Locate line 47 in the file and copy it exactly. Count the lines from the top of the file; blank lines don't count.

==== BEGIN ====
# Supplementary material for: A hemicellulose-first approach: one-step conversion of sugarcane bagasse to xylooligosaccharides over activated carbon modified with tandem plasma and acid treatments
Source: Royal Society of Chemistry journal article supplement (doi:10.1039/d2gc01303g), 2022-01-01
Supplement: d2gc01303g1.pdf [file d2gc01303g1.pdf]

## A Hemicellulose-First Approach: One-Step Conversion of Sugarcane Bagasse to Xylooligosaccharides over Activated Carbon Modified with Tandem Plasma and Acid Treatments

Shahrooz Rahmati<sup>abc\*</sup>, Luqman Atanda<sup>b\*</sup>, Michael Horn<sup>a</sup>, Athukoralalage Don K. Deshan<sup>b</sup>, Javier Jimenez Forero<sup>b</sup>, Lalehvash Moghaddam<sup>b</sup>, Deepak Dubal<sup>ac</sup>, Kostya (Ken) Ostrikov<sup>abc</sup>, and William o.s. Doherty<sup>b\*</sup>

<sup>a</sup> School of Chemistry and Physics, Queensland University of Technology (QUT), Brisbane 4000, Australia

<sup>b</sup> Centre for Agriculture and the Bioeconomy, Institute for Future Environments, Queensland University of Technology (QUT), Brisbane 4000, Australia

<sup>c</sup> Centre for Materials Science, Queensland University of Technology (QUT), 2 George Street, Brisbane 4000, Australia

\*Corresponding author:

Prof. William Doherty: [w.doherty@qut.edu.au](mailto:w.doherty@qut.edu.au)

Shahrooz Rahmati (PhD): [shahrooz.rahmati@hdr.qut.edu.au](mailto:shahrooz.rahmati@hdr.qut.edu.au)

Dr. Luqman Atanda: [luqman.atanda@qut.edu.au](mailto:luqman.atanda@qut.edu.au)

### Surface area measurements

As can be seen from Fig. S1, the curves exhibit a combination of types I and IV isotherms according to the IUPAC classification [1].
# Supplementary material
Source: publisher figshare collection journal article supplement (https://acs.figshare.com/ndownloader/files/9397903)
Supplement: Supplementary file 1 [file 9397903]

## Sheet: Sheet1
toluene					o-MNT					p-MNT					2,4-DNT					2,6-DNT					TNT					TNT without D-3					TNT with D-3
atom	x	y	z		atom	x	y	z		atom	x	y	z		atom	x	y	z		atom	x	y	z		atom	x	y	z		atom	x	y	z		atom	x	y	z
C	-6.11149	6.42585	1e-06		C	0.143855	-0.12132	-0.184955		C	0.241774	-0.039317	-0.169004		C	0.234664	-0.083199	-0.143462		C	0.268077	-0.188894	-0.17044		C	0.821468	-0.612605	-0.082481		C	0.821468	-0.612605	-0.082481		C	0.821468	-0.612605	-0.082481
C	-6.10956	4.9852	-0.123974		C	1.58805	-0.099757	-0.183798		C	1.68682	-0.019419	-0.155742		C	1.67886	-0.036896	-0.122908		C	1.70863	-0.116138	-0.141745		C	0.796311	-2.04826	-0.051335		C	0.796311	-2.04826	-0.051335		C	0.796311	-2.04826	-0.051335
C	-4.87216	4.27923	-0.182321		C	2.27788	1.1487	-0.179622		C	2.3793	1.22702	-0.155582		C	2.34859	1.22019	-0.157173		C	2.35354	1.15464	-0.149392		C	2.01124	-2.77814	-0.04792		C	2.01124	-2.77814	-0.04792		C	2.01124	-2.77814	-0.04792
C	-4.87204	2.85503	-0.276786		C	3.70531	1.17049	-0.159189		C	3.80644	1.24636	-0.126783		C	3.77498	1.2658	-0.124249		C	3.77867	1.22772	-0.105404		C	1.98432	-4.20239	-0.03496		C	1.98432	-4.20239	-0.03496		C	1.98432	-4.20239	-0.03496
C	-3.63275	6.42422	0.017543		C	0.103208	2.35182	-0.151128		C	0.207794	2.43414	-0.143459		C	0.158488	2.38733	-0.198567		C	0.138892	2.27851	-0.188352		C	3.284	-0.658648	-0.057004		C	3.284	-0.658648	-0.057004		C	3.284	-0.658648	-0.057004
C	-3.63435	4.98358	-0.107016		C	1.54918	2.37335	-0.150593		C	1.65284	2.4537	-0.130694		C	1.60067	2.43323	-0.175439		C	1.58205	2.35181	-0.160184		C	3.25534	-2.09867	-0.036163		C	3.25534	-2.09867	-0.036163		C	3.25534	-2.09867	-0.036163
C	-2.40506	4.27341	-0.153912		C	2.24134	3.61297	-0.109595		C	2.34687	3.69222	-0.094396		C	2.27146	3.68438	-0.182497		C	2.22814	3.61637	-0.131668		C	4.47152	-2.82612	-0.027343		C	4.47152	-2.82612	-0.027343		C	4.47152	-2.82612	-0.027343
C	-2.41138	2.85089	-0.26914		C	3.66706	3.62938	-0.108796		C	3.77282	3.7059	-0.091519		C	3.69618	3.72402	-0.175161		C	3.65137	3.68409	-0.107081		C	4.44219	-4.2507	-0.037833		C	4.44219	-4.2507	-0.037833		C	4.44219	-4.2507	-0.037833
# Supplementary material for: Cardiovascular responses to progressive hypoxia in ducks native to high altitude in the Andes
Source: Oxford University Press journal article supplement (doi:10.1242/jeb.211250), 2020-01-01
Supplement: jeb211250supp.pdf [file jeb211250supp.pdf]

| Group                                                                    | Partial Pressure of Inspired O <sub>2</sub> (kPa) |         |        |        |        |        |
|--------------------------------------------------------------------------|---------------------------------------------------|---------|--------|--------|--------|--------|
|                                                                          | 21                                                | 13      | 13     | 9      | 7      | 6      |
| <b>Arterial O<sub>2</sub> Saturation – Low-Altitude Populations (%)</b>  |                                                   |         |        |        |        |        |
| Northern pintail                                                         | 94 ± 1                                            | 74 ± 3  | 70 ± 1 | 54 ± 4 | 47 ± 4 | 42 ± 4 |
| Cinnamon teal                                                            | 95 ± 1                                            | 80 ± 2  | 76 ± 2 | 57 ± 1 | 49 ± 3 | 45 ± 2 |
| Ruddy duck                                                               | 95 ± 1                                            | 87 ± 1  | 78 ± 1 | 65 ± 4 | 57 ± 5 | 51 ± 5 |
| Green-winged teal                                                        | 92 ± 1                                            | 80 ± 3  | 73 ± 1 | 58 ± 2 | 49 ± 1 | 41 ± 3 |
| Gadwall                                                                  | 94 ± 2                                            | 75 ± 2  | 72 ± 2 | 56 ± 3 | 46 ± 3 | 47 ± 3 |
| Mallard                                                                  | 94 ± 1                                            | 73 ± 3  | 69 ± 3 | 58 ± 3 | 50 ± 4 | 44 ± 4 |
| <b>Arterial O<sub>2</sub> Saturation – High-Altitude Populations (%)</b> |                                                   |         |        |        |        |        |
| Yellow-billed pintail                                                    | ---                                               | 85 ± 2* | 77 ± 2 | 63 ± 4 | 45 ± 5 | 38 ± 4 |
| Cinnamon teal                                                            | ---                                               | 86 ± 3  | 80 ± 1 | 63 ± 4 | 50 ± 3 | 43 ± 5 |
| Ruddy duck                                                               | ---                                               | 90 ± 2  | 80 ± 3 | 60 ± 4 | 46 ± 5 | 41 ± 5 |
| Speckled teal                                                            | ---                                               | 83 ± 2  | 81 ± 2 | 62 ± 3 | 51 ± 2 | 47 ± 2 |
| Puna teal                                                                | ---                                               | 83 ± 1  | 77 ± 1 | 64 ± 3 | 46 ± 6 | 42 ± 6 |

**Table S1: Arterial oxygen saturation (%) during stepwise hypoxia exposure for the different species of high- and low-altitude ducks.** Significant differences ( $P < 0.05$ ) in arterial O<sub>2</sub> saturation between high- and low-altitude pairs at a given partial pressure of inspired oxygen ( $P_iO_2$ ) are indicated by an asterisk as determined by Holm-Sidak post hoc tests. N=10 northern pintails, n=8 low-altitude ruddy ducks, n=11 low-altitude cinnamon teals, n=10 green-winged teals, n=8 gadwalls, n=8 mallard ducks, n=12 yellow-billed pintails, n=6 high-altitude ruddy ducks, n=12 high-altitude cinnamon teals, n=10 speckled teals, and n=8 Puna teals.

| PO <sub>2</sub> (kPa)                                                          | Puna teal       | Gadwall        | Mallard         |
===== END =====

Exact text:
| Puna teal                                                                | ---                                               | 83 ± 1  | 77 ± 1 | 64 ± 3 | 46 ± 6 | 42 ± 6 |